Tell me, why do you like to fiddle around with the OS?

If I had my own server product, for obvious reasons let’s assume I had some really cool and nifty collaboration solution, I would go for a complete product including the OS. Something like a stripped down Linux that does just want it needs and nothing else.
The installer would ask you for everything you need for the OS AND the application and then would install the whole product as one in either a virtual or bare metal environment.
Administration clients/consoles/apps would include all the necessary hooks, crosses or pull down menus for both, the OS and the application. Completely transparent for the admin.
That would give me several advantages. I could control the different elements much better. Testing would be a lot easier. Costs would come down. Problems with different lib versions, updates and fixes would be a thing of the past. The whole package would be under my control and the customer would have a much more stable system.
Why is this a bad idea?
This isn’t exactly the same idea as Foundations/Collax/CentOS which gives you an easy to use platform and after the installation you add the applications you like to run. I think it should be the other way round. You decide to install the CoolAndNiftY-Collab and the OS comes with it. It’s about the application. I believe, that the OS is nothing we should care about today. We should not touch it, if possible, it is just a black box that makes the cool things run.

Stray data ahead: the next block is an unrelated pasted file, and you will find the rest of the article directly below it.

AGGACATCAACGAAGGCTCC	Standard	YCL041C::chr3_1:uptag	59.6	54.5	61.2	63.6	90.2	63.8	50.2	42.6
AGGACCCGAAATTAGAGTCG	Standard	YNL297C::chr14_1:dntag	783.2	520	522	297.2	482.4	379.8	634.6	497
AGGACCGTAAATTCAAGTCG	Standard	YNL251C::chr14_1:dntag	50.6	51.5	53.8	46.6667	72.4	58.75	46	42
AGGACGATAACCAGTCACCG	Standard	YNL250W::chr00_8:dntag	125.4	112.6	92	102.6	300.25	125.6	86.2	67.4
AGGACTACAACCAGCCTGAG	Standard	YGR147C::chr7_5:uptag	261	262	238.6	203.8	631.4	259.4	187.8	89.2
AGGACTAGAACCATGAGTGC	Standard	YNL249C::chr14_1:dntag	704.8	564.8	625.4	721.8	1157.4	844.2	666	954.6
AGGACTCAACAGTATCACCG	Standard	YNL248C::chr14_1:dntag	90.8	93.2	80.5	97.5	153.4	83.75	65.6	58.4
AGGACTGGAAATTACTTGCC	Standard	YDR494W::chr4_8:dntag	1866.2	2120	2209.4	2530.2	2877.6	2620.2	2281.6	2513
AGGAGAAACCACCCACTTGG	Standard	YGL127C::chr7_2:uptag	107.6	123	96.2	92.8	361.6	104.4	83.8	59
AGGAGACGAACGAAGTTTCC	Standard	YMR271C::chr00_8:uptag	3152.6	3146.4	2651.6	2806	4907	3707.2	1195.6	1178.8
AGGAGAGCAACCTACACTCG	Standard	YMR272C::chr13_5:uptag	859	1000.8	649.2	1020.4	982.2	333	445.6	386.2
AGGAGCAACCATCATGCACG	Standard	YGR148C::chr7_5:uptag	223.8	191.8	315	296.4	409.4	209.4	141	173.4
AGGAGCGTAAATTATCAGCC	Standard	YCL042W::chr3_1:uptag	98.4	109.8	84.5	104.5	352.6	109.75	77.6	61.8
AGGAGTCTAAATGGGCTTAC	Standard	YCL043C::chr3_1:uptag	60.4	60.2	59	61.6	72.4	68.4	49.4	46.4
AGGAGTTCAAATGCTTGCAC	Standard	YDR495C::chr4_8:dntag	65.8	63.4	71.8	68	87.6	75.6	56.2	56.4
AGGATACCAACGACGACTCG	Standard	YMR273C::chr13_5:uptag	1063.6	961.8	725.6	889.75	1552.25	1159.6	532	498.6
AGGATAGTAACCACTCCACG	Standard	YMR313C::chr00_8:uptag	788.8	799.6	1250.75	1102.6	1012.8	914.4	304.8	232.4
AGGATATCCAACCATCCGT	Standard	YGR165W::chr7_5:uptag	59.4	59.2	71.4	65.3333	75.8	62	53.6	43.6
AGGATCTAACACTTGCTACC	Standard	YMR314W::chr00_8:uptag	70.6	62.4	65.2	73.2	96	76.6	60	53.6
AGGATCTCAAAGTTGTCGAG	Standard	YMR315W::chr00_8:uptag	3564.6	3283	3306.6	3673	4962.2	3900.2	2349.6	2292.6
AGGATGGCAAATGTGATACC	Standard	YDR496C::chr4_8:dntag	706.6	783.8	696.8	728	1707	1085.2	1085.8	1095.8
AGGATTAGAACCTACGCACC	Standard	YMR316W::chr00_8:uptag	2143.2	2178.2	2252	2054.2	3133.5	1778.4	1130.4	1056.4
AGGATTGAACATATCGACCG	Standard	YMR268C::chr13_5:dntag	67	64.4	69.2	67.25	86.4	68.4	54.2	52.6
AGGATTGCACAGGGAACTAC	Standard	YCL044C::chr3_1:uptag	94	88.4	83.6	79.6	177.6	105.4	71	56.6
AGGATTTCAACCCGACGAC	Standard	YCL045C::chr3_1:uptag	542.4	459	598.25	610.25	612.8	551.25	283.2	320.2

Now apart from the fact that admins (and Microsoft/Novell/RedHat …) make loads of money by selling, installing and maintaining always the same base system, tell me, why shouldn’t we think the other way round?
Why shouldn’t we just add a basic OS that ships with every one of our cool server applications. Especially today were virtualization is just normal?
It would make life easier, wouldn’t it?
Yes I am aware, that there are systems like switches, routers and so on that use this approach and IBM is trying to sell (too expensive much to my regret) this in a kind of next generation Foundations with KVM as a base and VM’s ready to use, but I ask you, why on earth isn’t that just standard behavior? Why on earth do we still have to configure a Windows/Linux/Unix box to run an application? Isn’t that so last century?


Ein Gedanke zu „Tell me, why do you like to fiddle around with the OS?“

  1. „Basic“ is a fluffy enough specification. Would it handle its own disk or just talk to a persistence API? User account? Cross application communication?
    … but that’s the direction OpenStack is the OS and the applications are isolated in their containers, where container is a layer that does nothing for new applications and maps legacy OS API calls to OpenStack calls.

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